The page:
If you’re curious why the proposed changes to the electoral college in Virginia are a big deal that would take America several steps further away from true democracy, I’ll make it as simple as I can by using three states to illustrate the problem.
I’ll begin with North Carolina, mostly because that’s where I live, but it also was conveniently close in 2012. North Carolina has 9.7 million people living in it, making it the 10th largest state by population. Each state gets two Senators and a number of Representatives to be determined by its population according to the most recent census. For NC, that’s 13. A state’s electoral vote count is then determined by its combined representation in the Senate and House, which is how North Carolina ends up with 15 electoral votes.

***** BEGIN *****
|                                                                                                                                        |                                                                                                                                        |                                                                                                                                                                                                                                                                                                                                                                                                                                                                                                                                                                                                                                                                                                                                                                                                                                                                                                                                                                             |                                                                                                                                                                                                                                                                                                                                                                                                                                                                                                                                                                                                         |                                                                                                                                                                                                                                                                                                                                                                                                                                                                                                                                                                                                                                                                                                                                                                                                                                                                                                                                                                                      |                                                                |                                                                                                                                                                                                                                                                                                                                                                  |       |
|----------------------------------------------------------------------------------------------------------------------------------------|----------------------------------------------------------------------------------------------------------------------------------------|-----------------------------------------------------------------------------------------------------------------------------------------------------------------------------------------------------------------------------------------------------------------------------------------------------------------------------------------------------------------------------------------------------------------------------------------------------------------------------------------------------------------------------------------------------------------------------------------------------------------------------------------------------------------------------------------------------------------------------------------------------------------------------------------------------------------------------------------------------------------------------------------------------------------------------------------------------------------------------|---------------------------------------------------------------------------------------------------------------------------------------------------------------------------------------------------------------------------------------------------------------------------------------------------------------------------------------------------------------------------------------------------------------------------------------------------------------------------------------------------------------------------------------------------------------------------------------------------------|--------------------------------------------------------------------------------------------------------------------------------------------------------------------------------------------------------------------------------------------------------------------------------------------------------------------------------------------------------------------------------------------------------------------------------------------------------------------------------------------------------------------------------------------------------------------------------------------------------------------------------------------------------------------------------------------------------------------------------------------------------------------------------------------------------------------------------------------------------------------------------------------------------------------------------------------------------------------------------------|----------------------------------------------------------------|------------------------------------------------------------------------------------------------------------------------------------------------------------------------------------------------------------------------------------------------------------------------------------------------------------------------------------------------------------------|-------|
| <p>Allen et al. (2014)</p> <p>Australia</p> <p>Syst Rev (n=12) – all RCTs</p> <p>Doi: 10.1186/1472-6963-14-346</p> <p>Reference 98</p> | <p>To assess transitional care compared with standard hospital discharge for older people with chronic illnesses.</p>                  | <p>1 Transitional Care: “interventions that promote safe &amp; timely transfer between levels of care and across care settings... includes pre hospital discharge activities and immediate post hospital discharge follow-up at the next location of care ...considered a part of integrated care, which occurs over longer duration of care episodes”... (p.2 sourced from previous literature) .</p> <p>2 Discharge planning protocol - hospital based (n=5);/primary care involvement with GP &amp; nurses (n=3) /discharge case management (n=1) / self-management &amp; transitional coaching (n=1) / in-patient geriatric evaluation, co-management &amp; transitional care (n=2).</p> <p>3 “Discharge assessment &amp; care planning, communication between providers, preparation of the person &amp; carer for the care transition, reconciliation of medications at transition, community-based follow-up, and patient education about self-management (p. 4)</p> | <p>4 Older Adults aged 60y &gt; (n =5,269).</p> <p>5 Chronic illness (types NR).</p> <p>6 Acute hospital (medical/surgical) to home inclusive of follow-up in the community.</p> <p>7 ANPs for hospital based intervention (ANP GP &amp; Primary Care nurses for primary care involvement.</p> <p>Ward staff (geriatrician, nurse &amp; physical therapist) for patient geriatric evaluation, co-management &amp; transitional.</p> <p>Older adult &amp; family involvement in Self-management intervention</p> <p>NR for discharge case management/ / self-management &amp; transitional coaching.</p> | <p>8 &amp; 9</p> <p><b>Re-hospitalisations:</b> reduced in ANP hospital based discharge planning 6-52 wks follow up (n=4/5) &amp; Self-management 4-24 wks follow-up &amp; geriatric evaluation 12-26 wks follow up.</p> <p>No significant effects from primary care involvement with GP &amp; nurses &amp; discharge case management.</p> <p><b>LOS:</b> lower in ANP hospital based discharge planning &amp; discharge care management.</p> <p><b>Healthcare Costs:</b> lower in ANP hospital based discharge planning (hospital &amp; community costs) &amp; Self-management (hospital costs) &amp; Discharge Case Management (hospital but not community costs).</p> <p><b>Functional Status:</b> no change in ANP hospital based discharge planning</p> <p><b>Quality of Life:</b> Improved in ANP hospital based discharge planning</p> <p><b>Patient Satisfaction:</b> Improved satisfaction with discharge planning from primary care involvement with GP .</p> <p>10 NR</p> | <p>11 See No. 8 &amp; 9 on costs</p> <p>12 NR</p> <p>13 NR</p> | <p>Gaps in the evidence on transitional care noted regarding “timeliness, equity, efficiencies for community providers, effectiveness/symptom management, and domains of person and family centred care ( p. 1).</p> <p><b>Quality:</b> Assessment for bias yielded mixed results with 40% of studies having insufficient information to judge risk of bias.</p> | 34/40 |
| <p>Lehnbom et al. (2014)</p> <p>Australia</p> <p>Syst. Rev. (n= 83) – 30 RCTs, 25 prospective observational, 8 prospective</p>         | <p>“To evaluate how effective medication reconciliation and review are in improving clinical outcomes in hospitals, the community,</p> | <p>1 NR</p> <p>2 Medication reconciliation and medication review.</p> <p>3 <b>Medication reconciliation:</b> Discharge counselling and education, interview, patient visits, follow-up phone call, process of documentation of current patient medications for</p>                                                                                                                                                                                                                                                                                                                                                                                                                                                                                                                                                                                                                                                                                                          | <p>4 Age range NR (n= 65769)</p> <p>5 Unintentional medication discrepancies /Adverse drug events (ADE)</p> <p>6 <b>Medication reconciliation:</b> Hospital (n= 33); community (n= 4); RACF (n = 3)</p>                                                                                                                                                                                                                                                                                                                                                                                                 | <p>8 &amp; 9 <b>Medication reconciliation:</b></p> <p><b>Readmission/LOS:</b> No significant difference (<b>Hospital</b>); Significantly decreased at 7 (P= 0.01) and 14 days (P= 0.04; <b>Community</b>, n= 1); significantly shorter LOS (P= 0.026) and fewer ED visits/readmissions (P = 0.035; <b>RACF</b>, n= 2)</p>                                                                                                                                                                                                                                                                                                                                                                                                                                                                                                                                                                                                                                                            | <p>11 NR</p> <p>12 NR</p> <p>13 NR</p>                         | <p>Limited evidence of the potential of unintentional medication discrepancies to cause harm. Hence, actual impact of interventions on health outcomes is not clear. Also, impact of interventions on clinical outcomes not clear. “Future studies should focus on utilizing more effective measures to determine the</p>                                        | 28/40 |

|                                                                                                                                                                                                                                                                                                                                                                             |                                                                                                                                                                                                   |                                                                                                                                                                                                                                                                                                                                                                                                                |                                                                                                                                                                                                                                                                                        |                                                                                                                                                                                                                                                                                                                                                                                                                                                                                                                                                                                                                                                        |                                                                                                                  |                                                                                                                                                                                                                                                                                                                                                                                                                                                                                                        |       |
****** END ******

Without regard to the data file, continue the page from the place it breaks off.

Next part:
North Carolina had been a reliably red state until 2008, voting for the Republican Candidate from 1980 until 2004, spanning six elections. A growing minority population combined with a decline in manufacturing and farming jobs and an increase in bio-tech, information technology, and banking jobs in the Research Triangle Park area — home to some of the best medical facilities and colleges in the country — has been pushing North Carolina towards the center for decades. Although Mitt Romney clawed it back last year, NC is going to be a battleground state for many years to come, and may eventually become more blue than than purple.